Sen. Kirsten Gillibrand (D-NY) is one of the leading sponsors of the “Believe All Women” mantra. She is one of the cheerleaders for eviscerating due process for those accused of sexual misconduct in the military or on college campuses.
But when those accusations are lodged against a man she knows and works with, a different attitude is taken.
A former female staffer in Gillibrand’s Washington, D.C. office, according to Politico, told her superiors that a fellow staffer was sexually harassing her by hitting on her and making derogatory remarks and jokes about women in the office. Gillibrand’s deputy chief of staff Anne Bradley and general counsel Keith Castaldo investigated the woman’s claims but did not fire the male staffer, who was Gillibrand’s longtime driver and “military adviser.”
Gillibrand was close to the accused male staffer — she even officiated at his wedding, according to Politico’s detailed reporting. The female staffer was much newer.
Still, Gillibrand’s whole persona is about believing women, and her office’s approach to the situation was not in line with the senator’s demands for investigations.
First, fellow staffers conducted the investigation, something Gillibrand has argued against for the military. Second, the accused male wasn’t fired, he was denied a promotion, had his desk moved, and given a “final warning,” according to Politico.
The staffer who made the accusation told the news outlet that Bradley and Gillibrand’s chief of staff, Jess Fassler, told her the situation was a “misinterpretation” and basically just a “he said, she said,” which is why the accused wasn’t fired.
Gillibrand’s office responded by saying it was being mischaracterized, and that it was never treated as a “he said, she said.”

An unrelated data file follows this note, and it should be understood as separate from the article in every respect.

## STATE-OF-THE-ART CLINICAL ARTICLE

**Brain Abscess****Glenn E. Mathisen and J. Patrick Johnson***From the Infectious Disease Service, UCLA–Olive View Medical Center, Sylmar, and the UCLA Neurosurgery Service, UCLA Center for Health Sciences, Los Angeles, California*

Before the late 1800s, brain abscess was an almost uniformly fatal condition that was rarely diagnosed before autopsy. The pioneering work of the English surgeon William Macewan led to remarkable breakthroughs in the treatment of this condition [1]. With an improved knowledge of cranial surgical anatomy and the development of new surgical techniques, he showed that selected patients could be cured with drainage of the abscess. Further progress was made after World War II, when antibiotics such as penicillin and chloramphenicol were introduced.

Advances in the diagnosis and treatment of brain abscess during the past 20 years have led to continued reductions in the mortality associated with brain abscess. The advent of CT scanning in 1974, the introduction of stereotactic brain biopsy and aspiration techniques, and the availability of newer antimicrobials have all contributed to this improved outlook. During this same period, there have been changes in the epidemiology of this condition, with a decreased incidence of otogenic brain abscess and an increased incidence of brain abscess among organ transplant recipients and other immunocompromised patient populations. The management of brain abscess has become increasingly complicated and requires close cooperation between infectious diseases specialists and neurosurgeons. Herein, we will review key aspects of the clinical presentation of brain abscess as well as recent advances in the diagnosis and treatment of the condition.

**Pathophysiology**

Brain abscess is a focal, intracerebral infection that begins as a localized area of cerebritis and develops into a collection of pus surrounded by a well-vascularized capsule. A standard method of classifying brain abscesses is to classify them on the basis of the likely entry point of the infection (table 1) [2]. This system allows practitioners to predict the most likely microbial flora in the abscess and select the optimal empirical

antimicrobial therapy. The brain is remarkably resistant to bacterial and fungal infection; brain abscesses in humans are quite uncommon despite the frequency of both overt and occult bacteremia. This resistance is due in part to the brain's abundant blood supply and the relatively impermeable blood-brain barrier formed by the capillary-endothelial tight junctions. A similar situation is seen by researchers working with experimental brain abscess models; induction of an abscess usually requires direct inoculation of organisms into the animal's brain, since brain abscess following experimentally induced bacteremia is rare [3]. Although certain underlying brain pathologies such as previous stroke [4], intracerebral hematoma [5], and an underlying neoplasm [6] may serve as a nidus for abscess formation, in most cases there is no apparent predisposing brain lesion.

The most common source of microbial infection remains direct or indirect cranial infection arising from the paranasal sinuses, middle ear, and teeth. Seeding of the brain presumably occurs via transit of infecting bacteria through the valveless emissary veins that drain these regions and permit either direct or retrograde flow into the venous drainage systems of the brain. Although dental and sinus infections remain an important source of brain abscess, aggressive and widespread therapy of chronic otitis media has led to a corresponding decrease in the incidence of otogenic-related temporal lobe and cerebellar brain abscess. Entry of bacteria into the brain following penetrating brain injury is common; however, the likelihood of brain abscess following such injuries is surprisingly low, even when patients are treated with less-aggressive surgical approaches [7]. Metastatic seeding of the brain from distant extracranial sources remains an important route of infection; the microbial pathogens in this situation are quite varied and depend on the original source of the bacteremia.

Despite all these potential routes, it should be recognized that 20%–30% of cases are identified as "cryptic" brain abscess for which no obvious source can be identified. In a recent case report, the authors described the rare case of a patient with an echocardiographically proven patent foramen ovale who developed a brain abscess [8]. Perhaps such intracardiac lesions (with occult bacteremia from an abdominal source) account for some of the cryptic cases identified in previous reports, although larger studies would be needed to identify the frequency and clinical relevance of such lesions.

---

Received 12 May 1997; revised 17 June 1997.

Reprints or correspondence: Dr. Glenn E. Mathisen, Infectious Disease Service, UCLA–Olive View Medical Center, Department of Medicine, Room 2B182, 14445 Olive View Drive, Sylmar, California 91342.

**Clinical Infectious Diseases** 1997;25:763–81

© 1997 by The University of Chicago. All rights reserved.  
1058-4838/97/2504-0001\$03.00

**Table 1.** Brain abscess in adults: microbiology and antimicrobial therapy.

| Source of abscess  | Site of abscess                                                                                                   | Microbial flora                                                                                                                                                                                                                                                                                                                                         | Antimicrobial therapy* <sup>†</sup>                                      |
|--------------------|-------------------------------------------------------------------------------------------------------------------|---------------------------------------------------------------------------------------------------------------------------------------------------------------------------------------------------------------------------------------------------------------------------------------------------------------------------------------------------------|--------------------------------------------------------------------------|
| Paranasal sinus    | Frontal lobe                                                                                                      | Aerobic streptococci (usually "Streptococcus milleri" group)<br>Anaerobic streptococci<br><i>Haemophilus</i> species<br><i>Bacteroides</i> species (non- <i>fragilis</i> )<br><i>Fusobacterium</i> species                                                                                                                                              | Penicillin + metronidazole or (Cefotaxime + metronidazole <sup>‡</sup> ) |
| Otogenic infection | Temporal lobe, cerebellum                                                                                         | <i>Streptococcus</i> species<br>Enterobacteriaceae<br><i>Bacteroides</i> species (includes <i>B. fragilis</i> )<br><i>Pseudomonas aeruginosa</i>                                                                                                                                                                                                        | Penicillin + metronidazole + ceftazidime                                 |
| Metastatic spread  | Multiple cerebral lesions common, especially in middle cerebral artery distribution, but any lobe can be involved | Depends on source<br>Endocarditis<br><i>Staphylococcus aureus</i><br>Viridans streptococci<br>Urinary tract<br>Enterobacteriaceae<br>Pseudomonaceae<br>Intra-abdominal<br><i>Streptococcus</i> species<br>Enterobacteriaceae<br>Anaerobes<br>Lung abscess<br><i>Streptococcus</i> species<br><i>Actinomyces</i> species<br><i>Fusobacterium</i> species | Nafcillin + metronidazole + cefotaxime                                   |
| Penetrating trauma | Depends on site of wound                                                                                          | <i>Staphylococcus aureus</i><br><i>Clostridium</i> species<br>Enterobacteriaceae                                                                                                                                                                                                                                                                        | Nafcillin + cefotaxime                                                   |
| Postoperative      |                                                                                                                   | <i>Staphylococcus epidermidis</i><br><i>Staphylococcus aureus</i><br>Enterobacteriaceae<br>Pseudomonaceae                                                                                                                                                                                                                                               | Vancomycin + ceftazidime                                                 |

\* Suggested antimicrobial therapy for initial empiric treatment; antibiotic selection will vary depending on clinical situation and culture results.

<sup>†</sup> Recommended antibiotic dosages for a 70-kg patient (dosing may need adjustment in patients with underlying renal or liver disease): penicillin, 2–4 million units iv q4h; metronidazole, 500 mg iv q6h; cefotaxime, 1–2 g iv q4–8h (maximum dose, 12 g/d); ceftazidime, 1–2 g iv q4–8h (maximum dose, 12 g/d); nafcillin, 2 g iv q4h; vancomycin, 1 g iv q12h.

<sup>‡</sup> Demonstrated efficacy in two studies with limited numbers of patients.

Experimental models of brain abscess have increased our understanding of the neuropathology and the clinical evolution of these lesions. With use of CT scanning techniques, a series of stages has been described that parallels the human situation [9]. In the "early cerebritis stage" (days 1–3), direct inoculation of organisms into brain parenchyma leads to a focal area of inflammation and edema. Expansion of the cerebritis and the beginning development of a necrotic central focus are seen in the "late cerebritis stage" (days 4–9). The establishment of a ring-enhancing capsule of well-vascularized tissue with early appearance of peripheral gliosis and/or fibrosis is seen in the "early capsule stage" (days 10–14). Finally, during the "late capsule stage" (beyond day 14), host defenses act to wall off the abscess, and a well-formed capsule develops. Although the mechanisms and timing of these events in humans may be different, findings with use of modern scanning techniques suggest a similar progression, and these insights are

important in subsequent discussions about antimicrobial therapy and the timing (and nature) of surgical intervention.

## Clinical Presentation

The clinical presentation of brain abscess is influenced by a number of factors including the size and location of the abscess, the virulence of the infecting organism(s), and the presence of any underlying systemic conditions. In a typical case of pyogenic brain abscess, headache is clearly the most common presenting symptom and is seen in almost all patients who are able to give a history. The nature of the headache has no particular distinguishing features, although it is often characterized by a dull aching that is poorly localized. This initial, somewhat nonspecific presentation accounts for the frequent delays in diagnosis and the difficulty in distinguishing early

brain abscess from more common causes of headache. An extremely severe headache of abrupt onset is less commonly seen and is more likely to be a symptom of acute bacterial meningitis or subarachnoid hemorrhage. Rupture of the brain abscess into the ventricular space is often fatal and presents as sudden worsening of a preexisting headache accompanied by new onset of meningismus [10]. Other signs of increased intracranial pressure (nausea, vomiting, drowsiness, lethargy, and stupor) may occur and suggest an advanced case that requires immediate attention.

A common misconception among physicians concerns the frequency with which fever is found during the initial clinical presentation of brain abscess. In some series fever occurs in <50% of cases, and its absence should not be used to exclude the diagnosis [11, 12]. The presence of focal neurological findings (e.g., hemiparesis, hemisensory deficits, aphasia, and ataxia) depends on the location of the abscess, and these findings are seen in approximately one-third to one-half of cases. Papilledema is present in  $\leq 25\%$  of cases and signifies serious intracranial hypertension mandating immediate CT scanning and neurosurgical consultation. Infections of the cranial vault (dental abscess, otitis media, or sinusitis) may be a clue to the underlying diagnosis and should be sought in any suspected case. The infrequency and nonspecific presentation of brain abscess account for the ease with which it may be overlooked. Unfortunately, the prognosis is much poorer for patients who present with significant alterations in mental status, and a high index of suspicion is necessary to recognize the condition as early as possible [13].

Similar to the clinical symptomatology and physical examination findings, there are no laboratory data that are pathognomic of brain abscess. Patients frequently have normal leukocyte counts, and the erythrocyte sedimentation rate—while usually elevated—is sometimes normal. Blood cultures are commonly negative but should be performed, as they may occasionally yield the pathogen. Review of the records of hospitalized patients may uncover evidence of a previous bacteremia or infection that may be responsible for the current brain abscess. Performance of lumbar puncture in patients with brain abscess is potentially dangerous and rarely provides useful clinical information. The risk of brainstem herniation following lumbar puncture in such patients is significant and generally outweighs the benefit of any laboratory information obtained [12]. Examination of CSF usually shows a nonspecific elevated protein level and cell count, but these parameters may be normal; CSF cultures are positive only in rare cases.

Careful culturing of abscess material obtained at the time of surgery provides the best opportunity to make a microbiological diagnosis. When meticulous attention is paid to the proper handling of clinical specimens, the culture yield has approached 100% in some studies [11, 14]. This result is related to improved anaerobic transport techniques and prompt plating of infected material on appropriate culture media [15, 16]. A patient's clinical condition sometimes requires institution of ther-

“This case was never viewed as ‘he said, she said.’ Upon conclusion of the full and thorough investigation, it was determined that the evidence revealed employee misconduct that, while inappropriate, did not constitute sexual harassment,” the office told Politico.
Gillibrand through a statement told the outlet that the investigation lined up with her beliefs.
“As I have long said, when allegations are made in the workplace, we must believe women so that serious investigations can actually take place, we can learn the facts, and there can be appropriate accountability,” the statement said. “That’s exactly what happened at every step of this case last year. I told her that we loved her at the time and the same is true today.”
This statement represents the conundrum of Gillibrand’s #MeToo demands. She says “we must believe women so that serious investigations can actually take place,” but if we already believe someone, why is an investigation even needed?
Gillibrand’s efforts on sexual harassment and assault amount to believing women would never lie about these things and denying the presumption of innocence to accused men. Of course, that all disappears when she knows the man being accused.
When Politico reached out to Gillibrand’s office two weeks ago with additional allegations against the male staffer, her office fired him within a week.
As for the original accuser, three weeks after she made the allegations, she resigned, believing the office had failed to uphold the standards she believed in.
“I trusted and leaned on this statement that you made: ‘You need to draw a line in the sand and say none of it is O.K. None of it is acceptable.’ Your office chose to go against your public belief that women shouldn’t accept sexual harassment in any form and portrayed my experience as a misinterpretation instead of what it actually was: harassment and ultimately, intimidation,” the woman wrote in her resignation letter to Fassler and Castaldo.